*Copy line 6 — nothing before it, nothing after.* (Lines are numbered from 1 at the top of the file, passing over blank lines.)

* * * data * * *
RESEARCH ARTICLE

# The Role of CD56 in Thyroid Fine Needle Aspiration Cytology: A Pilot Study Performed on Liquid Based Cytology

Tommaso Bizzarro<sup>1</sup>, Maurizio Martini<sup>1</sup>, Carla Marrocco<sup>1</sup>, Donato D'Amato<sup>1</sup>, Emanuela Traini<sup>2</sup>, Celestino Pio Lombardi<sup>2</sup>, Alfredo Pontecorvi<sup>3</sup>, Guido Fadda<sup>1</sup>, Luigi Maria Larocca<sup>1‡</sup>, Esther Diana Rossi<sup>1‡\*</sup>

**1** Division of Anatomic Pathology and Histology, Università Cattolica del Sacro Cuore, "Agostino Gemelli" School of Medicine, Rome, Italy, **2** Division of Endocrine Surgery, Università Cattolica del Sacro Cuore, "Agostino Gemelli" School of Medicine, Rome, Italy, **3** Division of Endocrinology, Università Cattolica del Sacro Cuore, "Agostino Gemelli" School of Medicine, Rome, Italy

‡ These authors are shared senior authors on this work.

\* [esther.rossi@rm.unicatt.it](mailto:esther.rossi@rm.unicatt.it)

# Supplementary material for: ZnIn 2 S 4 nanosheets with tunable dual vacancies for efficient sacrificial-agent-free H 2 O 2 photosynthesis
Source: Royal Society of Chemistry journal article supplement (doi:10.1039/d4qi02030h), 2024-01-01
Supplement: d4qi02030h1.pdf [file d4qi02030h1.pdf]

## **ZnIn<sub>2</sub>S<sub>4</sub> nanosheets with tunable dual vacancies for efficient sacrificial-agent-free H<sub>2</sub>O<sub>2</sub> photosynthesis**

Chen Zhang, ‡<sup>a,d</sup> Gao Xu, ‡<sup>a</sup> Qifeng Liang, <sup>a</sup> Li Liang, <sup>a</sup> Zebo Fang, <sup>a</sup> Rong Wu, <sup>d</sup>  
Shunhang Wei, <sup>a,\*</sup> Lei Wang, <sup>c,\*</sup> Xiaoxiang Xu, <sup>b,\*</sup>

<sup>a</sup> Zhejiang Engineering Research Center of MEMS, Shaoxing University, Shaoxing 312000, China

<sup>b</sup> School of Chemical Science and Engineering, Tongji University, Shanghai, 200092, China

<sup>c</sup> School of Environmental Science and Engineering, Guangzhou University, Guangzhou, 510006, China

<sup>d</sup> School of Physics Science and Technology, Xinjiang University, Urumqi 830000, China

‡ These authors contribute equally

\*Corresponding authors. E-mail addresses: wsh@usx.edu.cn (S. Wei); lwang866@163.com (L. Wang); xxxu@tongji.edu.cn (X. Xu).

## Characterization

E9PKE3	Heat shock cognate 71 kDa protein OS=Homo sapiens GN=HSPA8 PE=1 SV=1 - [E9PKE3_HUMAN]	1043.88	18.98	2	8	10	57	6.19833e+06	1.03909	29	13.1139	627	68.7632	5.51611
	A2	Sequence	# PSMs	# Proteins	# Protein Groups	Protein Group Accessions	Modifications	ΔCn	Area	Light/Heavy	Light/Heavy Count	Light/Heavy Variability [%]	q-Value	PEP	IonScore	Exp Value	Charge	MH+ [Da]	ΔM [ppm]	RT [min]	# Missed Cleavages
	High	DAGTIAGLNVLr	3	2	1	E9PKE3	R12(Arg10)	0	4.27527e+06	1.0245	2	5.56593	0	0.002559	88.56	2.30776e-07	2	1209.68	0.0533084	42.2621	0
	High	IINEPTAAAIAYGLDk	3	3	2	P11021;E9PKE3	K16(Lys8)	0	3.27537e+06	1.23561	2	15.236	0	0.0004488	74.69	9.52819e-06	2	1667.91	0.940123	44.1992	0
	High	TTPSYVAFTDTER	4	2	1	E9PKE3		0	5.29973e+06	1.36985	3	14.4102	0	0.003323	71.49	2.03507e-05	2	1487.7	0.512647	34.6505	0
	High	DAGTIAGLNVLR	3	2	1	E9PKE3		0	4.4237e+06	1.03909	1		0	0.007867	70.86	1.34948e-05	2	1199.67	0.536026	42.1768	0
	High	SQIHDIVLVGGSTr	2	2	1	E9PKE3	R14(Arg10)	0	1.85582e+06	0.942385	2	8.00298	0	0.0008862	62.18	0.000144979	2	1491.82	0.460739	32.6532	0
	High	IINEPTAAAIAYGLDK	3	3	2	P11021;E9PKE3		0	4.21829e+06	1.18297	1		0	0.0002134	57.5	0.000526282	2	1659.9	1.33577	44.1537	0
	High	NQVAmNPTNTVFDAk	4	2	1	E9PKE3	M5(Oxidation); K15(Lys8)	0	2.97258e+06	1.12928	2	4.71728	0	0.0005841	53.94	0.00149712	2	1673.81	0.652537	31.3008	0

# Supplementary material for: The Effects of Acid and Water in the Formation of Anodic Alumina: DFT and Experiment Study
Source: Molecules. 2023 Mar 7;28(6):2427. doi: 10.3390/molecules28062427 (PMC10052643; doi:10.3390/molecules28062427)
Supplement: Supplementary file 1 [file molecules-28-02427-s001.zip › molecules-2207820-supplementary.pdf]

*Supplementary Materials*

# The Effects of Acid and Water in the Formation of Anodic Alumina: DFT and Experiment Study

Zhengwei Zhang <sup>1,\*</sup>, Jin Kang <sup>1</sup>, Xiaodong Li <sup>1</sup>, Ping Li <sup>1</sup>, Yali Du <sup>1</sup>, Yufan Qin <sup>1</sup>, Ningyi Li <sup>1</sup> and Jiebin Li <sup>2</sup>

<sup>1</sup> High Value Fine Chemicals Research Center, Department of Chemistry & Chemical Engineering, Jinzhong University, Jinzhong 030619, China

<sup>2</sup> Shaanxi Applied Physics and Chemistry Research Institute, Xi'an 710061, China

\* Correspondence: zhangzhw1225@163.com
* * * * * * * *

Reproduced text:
\* [esther.rossi@rm.unicatt.it](mailto:esther.rossi@rm.unicatt.it)